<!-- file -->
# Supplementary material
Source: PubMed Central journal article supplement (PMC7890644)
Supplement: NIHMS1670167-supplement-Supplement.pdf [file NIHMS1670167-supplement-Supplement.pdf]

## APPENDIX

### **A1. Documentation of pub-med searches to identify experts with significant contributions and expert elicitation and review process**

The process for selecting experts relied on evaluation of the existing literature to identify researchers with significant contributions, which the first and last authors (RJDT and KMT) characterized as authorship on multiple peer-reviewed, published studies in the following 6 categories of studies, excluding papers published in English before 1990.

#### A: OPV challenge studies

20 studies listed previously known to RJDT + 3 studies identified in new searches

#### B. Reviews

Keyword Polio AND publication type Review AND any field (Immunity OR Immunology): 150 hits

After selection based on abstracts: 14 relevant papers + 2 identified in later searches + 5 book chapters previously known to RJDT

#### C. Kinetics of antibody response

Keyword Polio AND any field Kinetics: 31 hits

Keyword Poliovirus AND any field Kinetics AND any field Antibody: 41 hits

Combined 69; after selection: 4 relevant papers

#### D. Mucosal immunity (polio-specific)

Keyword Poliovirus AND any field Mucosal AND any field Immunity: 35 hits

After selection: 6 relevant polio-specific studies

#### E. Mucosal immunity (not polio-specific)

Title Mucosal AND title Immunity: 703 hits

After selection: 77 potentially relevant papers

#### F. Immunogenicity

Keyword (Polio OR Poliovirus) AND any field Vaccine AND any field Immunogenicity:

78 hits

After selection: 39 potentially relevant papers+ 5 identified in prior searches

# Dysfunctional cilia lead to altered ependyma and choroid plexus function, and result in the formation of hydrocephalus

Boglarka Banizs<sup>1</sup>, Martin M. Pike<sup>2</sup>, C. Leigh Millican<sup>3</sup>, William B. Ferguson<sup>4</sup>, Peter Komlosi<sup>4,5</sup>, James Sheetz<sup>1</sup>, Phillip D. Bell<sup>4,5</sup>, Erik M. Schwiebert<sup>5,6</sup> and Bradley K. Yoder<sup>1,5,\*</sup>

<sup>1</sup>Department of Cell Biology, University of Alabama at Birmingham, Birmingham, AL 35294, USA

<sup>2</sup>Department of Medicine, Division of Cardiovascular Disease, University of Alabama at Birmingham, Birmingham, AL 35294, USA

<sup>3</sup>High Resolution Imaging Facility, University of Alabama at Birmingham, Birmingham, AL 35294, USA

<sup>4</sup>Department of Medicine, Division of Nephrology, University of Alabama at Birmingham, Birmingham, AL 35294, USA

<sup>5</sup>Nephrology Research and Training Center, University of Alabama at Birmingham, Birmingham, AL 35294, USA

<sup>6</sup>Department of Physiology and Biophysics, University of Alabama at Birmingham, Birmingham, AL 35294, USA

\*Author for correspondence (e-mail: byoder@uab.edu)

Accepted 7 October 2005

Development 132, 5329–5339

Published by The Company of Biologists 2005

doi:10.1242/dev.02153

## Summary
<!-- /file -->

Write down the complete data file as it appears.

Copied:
# Supplementary material
Source: PubMed Central journal article supplement (PMC7890644)
Supplement: NIHMS1670167-supplement-Supplement.pdf [file NIHMS1670167-supplement-Supplement.pdf]

## APPENDIX

### **A1. Documentation of pub-med searches to identify experts with significant contributions and expert elicitation and review process**

The process for selecting experts relied on evaluation of the existing literature to identify researchers with significant contributions, which the first and last authors (RJDT and KMT) characterized as authorship on multiple peer-reviewed, published studies in the following 6 categories of studies, excluding papers published in English before 1990.

#### A: OPV challenge studies

20 studies listed previously known to RJDT + 3 studies identified in new searches

#### B. Reviews

Keyword Polio AND publication type Review AND any field (Immunity OR Immunology): 150 hits

After selection based on abstracts: 14 relevant papers + 2 identified in later searches + 5 book chapters previously known to RJDT

#### C. Kinetics of antibody response

Keyword Polio AND any field Kinetics: 31 hits

Keyword Poliovirus AND any field Kinetics AND any field Antibody: 41 hits

Combined 69; after selection: 4 relevant papers

#### D. Mucosal immunity (polio-specific)

Keyword Poliovirus AND any field Mucosal AND any field Immunity: 35 hits

After selection: 6 relevant polio-specific studies

#### E. Mucosal immunity (not polio-specific)

Title Mucosal AND title Immunity: 703 hits

After selection: 77 potentially relevant papers

#### F. Immunogenicity

Keyword (Polio OR Poliovirus) AND any field Vaccine AND any field Immunogenicity:

78 hits

After selection: 39 potentially relevant papers+ 5 identified in prior searches

# Dysfunctional cilia lead to altered ependyma and choroid plexus function, and result in the formation of hydrocephalus

Boglarka Banizs<sup>1</sup>, Martin M. Pike<sup>2</sup>, C. Leigh Millican<sup>3</sup>, William B. Ferguson<sup>4</sup>, Peter Komlosi<sup>4,5</sup>, James Sheetz<sup>1</sup>, Phillip D. Bell<sup>4,5</sup>, Erik M. Schwiebert<sup>5,6</sup> and Bradley K. Yoder<sup>1,5,\*</sup>

<sup>1</sup>Department of Cell Biology, University of Alabama at Birmingham, Birmingham, AL 35294, USA

<sup>2</sup>Department of Medicine, Division of Cardiovascular Disease, University of Alabama at Birmingham, Birmingham, AL 35294, USA

<sup>3</sup>High Resolution Imaging Facility, University of Alabama at Birmingham, Birmingham, AL 35294, USA

<sup>4</sup>Department of Medicine, Division of Nephrology, University of Alabama at Birmingham, Birmingham, AL 35294, USA

<sup>5</sup>Nephrology Research and Training Center, University of Alabama at Birmingham, Birmingham, AL 35294, USA

<sup>6</sup>Department of Physiology and Biophysics, University of Alabama at Birmingham, Birmingham, AL 35294, USA

\*Author for correspondence (e-mail: byoder@uab.edu)

Accepted 7 October 2005

Development 132, 5329–5339

Published by The Company of Biologists 2005

doi:10.1242/dev.02153

## Summary